In the Thai capital, resident Rossana Nitikanchana devotes up to two hours in total every day driving her children to and from school. Once, when heavy rain combined with schools reopening after COVID-19 lockdowns, she took a whopping four hours to complete the mere 12km journey back to her house in the Sukhumvit district.
The 38-year-old still insists that she likes driving for the convenience, but rues the hours lost in Bangkok’s bottlenecks. “I normally like working out but I don’t get to do it because I have to waste time in traffic jams,” she said. “I don’t really have time left to do other things.”
HAVE CAR, WILL CONGEST
A preference for one’s own set of wheels is clear across the regional cities, where private vehicle ownership increasingly trumps residency numbers.
That’s 11.7 million machines to about 11 million people in Bangkok and its surrounding urban region; and 9.85 million versus 9 million in the Klang Valley area covering Kuala Lumpur and adjacent areas. Jakarta and its wider metropolitan areas are occupied by 20.7 million vehicles to 13.5 million people.
“Even those who don’t own a home have either a car or a motorcycle,” said Mr Djoko Setijowarno of the Indonesia Transportation Society network of experts.
They are helped by relatively low prices and little or no restrictions placed on owning and using a private vehicle, whether new or handed-down. In fact, there are often fuel or purchase subsidies for private vehicles, said Associate Professor Theseira from the Singapore University of Social Sciences.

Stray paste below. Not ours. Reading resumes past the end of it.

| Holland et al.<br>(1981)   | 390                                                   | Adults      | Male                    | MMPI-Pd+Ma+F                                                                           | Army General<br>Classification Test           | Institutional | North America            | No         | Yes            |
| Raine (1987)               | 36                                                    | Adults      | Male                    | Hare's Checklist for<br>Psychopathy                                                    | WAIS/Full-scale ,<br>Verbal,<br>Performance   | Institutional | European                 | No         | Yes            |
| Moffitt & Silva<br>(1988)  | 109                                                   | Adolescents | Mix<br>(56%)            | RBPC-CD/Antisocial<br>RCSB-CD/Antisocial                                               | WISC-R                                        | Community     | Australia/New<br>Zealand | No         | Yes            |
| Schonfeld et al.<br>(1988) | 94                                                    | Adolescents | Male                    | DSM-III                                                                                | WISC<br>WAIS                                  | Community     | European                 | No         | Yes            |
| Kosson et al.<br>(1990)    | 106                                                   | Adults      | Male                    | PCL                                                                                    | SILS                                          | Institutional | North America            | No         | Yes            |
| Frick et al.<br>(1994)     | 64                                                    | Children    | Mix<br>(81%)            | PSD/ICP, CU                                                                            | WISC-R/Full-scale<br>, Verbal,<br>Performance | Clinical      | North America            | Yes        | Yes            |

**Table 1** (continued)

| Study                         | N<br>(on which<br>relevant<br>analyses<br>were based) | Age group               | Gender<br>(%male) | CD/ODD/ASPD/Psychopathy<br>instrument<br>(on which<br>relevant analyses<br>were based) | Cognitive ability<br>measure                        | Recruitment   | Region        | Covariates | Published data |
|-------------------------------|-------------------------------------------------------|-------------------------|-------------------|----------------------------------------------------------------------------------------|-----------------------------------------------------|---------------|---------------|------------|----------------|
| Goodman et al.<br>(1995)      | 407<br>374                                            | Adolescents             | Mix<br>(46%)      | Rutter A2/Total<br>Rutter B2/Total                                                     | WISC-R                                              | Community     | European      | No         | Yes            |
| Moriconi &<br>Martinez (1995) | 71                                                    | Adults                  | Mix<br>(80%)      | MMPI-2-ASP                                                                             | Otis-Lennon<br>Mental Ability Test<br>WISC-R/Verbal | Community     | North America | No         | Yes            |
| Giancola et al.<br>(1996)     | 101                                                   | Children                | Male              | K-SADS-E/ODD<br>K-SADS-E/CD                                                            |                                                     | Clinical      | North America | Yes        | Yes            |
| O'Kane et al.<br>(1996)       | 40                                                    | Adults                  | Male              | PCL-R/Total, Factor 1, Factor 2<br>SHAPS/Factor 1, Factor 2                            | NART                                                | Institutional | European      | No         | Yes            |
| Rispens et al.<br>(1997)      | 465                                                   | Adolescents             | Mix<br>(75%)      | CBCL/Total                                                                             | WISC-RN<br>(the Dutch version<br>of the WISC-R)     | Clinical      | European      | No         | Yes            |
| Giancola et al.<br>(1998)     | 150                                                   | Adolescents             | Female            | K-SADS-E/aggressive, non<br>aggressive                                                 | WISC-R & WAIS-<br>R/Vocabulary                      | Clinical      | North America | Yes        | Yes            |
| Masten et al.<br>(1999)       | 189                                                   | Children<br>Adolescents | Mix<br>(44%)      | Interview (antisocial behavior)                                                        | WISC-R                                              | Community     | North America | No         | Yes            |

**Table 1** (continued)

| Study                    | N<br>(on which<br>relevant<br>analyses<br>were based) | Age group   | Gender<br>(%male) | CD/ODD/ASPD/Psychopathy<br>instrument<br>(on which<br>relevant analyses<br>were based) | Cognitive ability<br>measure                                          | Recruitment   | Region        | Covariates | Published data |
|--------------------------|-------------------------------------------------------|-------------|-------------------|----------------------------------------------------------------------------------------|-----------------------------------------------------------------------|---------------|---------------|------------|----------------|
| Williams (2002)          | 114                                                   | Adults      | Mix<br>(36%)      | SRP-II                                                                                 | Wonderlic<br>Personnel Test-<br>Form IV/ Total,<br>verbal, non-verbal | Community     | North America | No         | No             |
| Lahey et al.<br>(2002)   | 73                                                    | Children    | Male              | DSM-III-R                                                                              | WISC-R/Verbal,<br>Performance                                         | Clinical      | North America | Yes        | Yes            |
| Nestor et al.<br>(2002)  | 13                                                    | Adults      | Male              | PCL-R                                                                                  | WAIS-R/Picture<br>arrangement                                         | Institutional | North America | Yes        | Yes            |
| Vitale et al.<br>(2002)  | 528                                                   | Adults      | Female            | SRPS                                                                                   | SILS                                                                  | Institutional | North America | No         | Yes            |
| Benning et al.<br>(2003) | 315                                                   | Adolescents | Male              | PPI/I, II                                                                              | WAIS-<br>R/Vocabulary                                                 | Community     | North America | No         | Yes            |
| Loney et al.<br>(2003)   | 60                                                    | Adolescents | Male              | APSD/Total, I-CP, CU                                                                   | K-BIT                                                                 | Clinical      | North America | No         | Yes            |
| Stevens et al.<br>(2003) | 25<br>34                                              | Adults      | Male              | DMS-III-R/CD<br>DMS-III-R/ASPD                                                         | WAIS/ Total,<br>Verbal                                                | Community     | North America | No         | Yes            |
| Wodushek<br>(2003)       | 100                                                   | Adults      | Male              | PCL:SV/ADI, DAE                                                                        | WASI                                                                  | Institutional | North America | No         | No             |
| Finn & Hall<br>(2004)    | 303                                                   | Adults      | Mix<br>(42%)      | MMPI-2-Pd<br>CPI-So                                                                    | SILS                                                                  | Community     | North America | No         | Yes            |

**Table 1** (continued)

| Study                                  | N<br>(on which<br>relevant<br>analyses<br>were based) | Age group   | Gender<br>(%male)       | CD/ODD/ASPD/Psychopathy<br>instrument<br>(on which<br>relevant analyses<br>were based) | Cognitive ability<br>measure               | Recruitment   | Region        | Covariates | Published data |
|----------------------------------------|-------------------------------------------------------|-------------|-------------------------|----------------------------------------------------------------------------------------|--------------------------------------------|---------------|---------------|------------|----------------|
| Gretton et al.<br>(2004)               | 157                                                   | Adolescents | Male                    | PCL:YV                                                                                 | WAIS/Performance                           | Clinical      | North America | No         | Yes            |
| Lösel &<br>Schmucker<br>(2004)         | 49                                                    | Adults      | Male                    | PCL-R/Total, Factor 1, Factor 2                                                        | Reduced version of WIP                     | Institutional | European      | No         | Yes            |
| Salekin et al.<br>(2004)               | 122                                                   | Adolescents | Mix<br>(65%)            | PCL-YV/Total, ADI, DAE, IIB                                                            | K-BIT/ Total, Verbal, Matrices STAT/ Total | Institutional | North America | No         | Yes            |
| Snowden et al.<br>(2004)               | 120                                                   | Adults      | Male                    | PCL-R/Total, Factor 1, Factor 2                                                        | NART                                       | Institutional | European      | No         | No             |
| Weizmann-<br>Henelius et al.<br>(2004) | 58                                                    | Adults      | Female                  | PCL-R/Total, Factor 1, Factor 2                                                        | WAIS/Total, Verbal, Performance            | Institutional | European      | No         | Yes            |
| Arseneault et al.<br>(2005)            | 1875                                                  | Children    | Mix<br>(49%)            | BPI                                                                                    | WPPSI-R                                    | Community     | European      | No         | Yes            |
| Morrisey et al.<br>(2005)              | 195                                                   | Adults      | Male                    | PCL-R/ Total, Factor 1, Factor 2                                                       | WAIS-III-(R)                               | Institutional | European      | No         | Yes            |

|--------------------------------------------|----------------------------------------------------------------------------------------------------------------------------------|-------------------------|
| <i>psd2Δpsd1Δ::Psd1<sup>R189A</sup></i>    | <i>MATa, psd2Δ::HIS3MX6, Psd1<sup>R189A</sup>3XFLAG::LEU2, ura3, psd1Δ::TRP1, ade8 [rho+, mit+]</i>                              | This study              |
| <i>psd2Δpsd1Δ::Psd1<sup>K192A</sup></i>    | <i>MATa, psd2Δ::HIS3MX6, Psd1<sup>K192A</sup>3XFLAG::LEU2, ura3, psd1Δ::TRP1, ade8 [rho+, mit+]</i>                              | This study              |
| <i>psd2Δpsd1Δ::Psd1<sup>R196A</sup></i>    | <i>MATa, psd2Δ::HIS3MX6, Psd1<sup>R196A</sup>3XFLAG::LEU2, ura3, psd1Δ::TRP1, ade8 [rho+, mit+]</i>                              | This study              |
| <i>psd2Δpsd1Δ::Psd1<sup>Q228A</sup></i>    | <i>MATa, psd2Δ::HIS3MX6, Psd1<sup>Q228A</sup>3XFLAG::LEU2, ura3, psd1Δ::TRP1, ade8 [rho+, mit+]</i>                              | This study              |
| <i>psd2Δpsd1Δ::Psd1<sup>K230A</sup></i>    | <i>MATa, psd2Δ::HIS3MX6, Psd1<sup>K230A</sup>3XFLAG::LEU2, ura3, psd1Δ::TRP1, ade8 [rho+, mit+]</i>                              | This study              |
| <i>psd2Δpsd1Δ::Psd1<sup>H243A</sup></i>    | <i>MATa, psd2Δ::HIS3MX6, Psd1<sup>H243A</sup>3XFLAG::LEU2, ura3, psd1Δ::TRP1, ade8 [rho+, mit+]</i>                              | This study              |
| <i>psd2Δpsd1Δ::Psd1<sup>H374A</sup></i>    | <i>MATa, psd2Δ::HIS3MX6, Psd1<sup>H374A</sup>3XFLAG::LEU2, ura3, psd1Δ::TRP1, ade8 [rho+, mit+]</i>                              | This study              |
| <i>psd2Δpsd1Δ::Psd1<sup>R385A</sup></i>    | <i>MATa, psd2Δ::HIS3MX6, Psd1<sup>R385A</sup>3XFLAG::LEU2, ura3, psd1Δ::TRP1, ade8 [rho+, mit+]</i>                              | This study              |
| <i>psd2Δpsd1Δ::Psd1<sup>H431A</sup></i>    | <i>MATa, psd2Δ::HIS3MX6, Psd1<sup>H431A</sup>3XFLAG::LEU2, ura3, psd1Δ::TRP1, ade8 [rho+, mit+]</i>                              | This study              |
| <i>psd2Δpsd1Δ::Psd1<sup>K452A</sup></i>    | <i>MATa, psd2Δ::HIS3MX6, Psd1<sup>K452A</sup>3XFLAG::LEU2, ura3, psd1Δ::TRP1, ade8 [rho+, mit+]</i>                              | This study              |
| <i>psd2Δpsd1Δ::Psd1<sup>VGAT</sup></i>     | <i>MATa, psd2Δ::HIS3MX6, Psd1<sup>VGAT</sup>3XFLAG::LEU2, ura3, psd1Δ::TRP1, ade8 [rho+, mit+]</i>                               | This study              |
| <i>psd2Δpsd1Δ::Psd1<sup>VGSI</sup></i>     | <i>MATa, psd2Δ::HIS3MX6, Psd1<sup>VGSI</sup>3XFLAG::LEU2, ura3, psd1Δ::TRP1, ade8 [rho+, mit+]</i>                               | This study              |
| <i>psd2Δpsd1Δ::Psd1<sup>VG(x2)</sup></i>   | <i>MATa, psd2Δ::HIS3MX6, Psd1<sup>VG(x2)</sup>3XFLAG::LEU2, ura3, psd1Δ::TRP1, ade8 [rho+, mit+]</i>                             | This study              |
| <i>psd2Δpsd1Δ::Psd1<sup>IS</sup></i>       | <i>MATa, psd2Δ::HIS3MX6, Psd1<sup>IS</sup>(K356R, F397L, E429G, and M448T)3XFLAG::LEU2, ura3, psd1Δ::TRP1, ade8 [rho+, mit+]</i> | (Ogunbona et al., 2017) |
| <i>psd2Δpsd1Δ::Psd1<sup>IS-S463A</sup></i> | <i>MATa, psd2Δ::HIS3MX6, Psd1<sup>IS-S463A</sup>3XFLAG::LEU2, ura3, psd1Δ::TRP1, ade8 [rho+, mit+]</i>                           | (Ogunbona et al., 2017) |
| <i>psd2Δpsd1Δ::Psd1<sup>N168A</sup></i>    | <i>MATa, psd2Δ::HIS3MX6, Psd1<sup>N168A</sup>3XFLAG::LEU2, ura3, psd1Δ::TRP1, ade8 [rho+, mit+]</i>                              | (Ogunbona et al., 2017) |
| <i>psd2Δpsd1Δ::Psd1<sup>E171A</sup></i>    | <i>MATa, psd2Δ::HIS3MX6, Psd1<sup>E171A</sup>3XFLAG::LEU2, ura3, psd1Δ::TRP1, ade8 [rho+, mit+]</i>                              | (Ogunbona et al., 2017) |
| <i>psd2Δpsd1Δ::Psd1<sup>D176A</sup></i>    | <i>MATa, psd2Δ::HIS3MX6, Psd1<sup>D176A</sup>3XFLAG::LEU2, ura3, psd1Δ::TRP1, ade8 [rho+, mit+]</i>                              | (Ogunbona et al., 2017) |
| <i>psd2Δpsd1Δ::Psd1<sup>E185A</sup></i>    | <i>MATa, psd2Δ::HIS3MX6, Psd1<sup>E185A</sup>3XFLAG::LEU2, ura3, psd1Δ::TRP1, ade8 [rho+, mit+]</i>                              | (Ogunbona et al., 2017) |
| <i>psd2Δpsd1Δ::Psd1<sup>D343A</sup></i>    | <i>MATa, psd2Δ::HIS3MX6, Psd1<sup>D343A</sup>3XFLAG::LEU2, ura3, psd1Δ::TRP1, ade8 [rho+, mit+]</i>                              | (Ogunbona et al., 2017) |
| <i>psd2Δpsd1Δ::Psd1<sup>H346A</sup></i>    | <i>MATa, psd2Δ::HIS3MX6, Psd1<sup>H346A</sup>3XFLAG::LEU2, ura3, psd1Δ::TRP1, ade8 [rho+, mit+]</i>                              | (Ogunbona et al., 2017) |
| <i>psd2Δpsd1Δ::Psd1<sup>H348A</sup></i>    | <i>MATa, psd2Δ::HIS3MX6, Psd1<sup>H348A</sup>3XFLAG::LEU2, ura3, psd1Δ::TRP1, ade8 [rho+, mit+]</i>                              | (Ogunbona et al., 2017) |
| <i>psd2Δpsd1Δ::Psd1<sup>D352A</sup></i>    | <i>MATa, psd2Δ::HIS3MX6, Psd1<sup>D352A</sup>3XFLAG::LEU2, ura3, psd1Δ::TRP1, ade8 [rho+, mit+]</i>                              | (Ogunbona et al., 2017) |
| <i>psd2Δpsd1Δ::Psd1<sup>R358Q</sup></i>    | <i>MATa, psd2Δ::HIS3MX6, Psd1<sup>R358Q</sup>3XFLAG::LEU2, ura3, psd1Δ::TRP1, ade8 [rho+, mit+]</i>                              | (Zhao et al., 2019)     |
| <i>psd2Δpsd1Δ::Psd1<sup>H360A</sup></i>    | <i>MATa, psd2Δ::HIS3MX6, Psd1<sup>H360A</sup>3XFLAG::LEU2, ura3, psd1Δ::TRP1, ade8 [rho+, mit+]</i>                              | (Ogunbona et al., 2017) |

An abundance of cheap parking space also encourages more vehicles, more driving and ergo, more congested roads.
Parking in Bangkok is easy and unregulated with “no control whatsoever”, said Dr Sumet Ongkittikul of the Thailand Development Research Institute, adding that 80 to 90 per cent of Bangkok’s traffic congestion is due to parking space.
“We facilitate car users so much that it has become … the most convenient option, both in terms of time and cost,” said the transport research director at the think-tank.
What experts dub “traffic discipline” is another factor. This refers to stopping and parking vehicles where one isn’t supposed to; taxis dwelling in left lanes to wait for customers – and inadequate enforcement against such behaviour.
Which brings us also to road capacity, in cities where thoroughfares range from six-lane tollways to small back alleys barely wide enough to fit a single car. “There is often a failure to redesign the road network to accommodate higher volumes of traffic,” said Assoc Prof Theseira.
Yet building more roads and expressways is hardly the answer – and as several have argued, only compounds the problem.
“Some highways that were once relieving congestion 10 years ago are now themselves congested,” said civil engineering professor Ahmad Farhan Sadullah from Universiti Sains Malaysia (USM), citing the example of the Maju Expressway or MEX connecting Kuala Lumpur to administrative capital Putrajaya.